Reviewed by Ken Bartlett (Victoria College, University of Toronto)
Published on H-Albion (October, 2004)
For Armchair Travelers
Since Gregory the Great identified angli with angeli the English have traveled to Italy. Until the Renaissance, the motive was usually pilgrimage, ecclesiastical business, diplomacy, or commerce; but with the recovery of antiquity, increasing numbers of young men sought the monuments of ancient Rome or a humanist education at an Italian university, especially Padua. Complicated, but not suppressed by the events of the Reformation and the attendant difficulties of civil war and jacobitism, this unbroken intercourse between nations has been shown in ever greater detail in recent scholarship to have produced profound results for English culture. However, the most popular period of travel to Italy before the invention of the packaged railroad "Cook's" tours of the mid-nineteenth century has been the Grand Tour of the eighteenth. This, the age of Palladian houses, Italian gardens, and collections of pictures and antiquities, is often seen as the culmination of the elite, aristocratic fondness for classicism. The Grand Tour was seen as part of the finishing of a young gentleman's--and occasionally a lady's--education. Witnessing the survivals of antiquity and the contemporary culture of the peninsula provided a patina of culture believed to offer an advantage in society. Of course, the reality of the experience abroad was often very different indeed.
Jeremy Black's comprehensive study of the Grand Tour is a perfect place to begin. The book is designed for a general rather than a specialist audience and is unusual inasmuch as it uses letters and first person accounts--many still in manuscript--rather than printed sources and guides. He is quite right to note that observations and memoirs put in print often served purposes other than establishing an accurate record of travel abroad: these texts belong more to travel literature or that celebrated category of fiction known as autobiography. Because of Black's scrupulous search of extant material in unpublished collections, his account of the Grand Tour has a freshness and immediacy often lacking in more purely academic studies. His chapters reflect the range of experience available to travelers and include: the problems of travel itself in the eighteenth century, such as bad roads, weather, food and inns, robbery, and illness. There were the temptations and delights of sex and gambling; and there were the attractions of good company, foreign adventure, art, and ceremony; and always the ambiguous specter of Roman Catholicism which was seen as a threat to the souls of innocent young Englishmen but still mysteriously enticing.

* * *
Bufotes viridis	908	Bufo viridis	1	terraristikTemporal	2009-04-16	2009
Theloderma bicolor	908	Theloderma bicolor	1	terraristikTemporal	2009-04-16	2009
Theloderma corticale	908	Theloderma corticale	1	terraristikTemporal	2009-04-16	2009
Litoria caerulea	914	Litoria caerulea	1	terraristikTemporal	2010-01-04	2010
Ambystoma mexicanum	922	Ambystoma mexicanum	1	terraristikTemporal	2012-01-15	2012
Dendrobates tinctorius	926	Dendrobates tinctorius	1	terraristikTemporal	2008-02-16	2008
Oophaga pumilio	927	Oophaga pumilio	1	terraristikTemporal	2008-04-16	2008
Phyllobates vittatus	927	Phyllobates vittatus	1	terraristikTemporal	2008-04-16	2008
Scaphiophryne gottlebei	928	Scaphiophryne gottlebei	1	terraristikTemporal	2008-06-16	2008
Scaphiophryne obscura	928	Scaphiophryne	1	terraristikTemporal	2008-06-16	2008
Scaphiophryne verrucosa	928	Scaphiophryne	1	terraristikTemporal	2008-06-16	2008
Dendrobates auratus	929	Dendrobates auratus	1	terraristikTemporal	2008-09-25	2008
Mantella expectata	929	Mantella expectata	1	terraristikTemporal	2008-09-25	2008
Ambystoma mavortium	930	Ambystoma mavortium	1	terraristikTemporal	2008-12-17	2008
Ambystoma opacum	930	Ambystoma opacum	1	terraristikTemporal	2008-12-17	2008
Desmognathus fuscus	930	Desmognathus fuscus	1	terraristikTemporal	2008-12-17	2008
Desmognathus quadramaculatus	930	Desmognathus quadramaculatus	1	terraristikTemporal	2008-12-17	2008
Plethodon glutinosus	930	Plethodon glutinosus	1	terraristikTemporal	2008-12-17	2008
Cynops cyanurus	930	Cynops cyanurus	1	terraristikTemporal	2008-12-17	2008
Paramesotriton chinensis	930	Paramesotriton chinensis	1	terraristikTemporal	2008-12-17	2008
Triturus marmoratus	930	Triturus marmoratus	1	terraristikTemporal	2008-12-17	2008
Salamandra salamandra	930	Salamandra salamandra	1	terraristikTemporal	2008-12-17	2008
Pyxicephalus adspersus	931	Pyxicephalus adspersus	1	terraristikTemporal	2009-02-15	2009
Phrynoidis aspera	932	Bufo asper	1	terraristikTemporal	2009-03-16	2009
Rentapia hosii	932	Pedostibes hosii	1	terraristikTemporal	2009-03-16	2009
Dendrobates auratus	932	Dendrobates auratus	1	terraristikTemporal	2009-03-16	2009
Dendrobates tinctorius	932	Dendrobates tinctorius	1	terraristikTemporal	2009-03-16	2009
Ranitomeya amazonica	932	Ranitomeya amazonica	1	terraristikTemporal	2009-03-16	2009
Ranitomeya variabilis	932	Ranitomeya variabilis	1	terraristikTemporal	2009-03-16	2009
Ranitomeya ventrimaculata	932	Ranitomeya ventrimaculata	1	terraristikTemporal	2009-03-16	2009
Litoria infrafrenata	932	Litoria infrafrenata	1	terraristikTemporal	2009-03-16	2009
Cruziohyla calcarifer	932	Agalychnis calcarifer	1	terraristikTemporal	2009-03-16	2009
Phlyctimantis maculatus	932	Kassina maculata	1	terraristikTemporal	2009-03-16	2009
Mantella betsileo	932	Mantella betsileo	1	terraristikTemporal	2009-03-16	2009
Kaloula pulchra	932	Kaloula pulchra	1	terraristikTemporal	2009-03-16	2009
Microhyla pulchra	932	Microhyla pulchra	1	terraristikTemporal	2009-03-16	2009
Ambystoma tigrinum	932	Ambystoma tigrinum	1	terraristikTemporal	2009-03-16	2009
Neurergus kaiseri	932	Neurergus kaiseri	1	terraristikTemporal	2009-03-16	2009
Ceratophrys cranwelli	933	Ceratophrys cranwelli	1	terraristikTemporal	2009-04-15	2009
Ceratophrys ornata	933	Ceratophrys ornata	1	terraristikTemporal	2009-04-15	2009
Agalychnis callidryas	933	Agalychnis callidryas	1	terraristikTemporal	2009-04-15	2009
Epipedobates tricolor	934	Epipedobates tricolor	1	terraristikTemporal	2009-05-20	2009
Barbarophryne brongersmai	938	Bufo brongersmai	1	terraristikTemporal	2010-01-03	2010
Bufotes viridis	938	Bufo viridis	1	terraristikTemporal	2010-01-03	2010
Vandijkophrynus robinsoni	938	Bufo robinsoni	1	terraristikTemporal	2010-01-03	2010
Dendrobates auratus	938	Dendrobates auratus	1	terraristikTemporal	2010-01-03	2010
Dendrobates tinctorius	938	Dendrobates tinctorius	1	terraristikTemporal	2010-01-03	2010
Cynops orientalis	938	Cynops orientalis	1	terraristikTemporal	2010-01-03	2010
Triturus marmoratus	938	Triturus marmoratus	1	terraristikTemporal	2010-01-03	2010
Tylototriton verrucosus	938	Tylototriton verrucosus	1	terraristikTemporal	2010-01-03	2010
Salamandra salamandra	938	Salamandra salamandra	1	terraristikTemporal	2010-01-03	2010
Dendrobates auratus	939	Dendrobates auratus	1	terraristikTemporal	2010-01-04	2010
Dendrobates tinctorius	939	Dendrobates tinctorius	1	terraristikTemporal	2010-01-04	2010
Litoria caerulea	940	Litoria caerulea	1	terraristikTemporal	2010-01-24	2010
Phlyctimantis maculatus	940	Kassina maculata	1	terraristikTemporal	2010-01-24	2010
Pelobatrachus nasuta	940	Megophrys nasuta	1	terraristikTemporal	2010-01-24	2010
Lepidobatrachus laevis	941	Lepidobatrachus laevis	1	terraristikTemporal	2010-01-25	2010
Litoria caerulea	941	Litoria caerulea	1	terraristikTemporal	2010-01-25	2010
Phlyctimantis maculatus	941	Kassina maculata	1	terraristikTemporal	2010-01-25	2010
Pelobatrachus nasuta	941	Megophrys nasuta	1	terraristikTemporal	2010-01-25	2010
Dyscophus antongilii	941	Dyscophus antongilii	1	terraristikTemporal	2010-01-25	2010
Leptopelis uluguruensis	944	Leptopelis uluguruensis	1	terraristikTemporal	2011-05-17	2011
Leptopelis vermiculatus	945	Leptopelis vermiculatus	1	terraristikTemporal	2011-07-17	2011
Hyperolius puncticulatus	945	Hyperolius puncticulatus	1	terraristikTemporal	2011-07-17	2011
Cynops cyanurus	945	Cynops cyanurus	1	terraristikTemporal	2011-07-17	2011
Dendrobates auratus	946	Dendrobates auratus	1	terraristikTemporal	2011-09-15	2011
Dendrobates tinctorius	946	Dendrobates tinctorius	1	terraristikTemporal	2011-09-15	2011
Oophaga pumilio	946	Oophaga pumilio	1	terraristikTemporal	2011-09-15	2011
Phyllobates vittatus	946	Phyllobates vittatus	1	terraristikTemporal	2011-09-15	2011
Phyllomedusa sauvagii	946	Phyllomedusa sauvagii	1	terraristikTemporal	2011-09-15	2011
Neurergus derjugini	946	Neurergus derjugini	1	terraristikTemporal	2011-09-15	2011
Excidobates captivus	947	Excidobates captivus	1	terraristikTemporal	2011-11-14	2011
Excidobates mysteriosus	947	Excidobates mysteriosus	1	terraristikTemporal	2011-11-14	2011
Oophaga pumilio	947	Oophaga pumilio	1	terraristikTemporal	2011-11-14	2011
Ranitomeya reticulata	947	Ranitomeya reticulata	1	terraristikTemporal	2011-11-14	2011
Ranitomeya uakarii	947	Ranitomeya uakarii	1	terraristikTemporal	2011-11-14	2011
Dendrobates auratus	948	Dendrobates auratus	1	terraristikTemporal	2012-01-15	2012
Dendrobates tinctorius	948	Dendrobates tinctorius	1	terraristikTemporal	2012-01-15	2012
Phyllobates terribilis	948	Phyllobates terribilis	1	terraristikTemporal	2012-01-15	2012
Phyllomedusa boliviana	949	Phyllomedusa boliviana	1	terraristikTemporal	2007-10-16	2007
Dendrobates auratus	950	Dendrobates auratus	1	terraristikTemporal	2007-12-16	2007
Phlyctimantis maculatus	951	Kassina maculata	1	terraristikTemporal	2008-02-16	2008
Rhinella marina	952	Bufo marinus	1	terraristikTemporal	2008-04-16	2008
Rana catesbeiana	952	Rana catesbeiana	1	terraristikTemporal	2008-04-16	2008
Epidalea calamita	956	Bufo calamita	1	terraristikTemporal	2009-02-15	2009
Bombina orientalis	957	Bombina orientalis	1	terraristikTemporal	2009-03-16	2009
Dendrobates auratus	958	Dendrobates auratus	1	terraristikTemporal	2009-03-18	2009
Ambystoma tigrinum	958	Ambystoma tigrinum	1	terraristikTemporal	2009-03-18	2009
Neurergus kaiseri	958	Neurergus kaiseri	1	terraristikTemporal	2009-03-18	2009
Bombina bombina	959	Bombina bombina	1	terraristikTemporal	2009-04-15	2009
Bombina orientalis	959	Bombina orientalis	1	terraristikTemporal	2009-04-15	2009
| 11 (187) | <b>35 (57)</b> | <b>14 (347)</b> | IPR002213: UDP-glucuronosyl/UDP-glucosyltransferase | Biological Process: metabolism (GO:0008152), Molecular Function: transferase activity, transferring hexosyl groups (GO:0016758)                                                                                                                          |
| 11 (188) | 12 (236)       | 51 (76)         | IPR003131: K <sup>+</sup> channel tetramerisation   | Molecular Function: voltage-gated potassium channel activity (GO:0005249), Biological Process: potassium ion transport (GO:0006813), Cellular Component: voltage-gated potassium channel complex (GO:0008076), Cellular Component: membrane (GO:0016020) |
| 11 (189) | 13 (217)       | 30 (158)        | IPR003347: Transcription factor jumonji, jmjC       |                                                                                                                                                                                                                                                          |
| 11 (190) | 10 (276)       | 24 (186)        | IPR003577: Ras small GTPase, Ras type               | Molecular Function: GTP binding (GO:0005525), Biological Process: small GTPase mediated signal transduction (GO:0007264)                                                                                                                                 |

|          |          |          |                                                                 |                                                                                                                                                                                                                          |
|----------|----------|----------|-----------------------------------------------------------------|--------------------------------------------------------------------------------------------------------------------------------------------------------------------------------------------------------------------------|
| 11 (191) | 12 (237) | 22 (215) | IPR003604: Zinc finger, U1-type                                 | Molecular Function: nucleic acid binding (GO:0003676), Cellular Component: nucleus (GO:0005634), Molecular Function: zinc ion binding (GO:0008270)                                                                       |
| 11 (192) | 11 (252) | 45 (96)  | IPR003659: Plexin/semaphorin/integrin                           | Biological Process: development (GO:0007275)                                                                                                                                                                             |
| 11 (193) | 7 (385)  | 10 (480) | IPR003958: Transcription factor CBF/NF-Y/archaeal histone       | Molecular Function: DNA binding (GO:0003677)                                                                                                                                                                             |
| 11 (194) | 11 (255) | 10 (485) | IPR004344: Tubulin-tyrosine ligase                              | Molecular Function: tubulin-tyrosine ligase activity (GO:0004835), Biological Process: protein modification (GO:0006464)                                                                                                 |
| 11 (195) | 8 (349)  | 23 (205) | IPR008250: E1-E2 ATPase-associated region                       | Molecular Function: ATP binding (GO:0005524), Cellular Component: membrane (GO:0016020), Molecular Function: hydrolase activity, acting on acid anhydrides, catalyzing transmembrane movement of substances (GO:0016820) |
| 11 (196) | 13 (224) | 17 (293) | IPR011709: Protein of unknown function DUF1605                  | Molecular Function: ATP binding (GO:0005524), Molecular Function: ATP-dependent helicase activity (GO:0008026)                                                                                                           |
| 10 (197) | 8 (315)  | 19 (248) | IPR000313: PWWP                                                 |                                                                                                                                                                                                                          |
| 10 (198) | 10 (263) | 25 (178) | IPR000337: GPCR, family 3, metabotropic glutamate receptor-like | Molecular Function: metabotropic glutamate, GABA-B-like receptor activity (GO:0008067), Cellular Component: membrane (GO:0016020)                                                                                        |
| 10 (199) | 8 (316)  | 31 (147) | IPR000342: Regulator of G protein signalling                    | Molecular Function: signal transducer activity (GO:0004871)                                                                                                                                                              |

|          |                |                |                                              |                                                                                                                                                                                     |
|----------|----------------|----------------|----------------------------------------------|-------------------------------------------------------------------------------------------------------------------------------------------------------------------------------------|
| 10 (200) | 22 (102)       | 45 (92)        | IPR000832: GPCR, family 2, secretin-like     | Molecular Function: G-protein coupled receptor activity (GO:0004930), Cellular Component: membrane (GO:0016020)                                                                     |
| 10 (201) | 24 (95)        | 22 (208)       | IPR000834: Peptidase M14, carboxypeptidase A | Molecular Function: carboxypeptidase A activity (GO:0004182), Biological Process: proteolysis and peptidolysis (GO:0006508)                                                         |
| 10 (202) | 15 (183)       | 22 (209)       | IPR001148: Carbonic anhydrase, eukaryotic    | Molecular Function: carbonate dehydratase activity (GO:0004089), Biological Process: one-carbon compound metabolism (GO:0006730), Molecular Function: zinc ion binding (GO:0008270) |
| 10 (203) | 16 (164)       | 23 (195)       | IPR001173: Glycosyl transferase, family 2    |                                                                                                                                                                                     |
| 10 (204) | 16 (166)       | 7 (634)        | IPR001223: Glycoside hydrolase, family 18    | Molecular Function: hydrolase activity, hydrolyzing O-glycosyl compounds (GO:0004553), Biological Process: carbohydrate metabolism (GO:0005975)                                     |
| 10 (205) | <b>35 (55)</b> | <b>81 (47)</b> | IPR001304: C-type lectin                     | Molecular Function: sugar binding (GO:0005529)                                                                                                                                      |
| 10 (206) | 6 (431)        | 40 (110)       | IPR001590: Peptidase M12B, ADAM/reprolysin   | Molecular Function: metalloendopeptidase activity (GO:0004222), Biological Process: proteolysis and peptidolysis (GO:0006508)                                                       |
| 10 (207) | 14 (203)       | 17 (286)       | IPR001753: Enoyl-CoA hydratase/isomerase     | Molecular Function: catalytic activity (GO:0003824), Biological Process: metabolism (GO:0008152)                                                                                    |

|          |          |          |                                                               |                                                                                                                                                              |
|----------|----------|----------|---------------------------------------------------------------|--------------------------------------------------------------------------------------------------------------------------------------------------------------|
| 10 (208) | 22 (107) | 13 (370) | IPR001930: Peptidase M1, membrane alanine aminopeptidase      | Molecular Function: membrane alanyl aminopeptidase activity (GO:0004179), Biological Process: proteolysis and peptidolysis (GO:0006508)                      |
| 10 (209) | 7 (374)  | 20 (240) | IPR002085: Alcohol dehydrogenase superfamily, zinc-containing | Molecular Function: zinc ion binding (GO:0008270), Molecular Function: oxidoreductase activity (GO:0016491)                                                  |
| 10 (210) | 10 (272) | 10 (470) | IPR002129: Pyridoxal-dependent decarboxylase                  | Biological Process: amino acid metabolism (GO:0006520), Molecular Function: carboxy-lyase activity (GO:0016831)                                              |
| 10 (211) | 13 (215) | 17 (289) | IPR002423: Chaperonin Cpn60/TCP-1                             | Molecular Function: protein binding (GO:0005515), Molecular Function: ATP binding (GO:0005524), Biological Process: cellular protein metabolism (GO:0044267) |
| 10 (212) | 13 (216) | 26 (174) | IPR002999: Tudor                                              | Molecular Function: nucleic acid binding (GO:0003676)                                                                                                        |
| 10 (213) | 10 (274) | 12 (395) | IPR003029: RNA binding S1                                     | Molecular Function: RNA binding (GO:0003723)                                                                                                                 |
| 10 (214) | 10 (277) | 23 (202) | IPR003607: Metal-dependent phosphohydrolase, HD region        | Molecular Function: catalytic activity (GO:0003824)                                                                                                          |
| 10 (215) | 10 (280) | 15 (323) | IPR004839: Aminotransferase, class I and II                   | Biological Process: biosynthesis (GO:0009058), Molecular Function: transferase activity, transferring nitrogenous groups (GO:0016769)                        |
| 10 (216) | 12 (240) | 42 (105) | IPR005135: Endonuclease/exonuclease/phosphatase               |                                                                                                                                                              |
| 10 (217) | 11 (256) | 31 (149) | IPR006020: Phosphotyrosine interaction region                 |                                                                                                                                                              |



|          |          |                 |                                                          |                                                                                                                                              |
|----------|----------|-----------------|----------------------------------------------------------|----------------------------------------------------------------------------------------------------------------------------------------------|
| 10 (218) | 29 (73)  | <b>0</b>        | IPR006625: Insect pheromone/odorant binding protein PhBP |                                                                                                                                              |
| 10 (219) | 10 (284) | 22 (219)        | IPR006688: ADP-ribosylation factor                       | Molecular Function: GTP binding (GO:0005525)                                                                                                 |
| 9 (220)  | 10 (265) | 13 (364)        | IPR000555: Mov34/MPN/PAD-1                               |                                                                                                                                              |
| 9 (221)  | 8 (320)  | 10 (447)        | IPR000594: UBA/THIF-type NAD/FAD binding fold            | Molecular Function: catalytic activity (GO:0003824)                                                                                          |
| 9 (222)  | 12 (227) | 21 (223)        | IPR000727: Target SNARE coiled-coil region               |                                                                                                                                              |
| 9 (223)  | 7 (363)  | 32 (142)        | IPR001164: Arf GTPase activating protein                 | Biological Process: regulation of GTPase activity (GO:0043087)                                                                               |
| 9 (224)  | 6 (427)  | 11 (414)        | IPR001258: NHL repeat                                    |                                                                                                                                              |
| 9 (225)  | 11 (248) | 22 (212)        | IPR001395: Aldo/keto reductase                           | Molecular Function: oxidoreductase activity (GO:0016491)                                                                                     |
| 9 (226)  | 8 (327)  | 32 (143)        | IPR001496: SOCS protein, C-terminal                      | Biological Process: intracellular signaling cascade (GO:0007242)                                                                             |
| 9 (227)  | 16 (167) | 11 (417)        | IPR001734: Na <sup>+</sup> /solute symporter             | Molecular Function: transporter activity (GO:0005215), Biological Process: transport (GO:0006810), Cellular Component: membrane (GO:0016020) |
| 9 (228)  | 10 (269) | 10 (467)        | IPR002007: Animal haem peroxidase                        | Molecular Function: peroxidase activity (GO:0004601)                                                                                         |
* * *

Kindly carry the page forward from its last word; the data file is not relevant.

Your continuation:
Most of the travelers were quite young men chaperoned by an older, often clerical or academic "bearleader," whose responsibility it was to keep his charge out of mischief and firmly on the road to improvement. The reality of this situation was invariably different, of course, with the bearleader having little control whatsoever over the actions and practices of their young companions. The bearleader was dependent on his charge for present employment and future expectations; there was the difference in social class which made even the most upright of clergy unable to make too many demands; there was the uncertain response of the boy's family at home, as few parents wanted news of their children's repeated debauchery or irresponsibility. Consequently, the travelers often did what they wanted, and many actually did want to benefit from the opportunity to travel; others did not. There was equally a sense that elite young men needed to sow wild oats, and it was socially more permissible--and safer--to do so in Italy. Part of this resulted from the widespread belief that Italians were more open to such activity; but it also followed that the boy might actually learn something useful while engaging in refined sin among the ruins of antiquity and foreign courts. The fathers of grand tourists paid a great deal to send their sons abroad, so their motives were often mixed, and not very dissimilar to those of modern parents sending children to expensive and distant residential universities. One hopes for the best.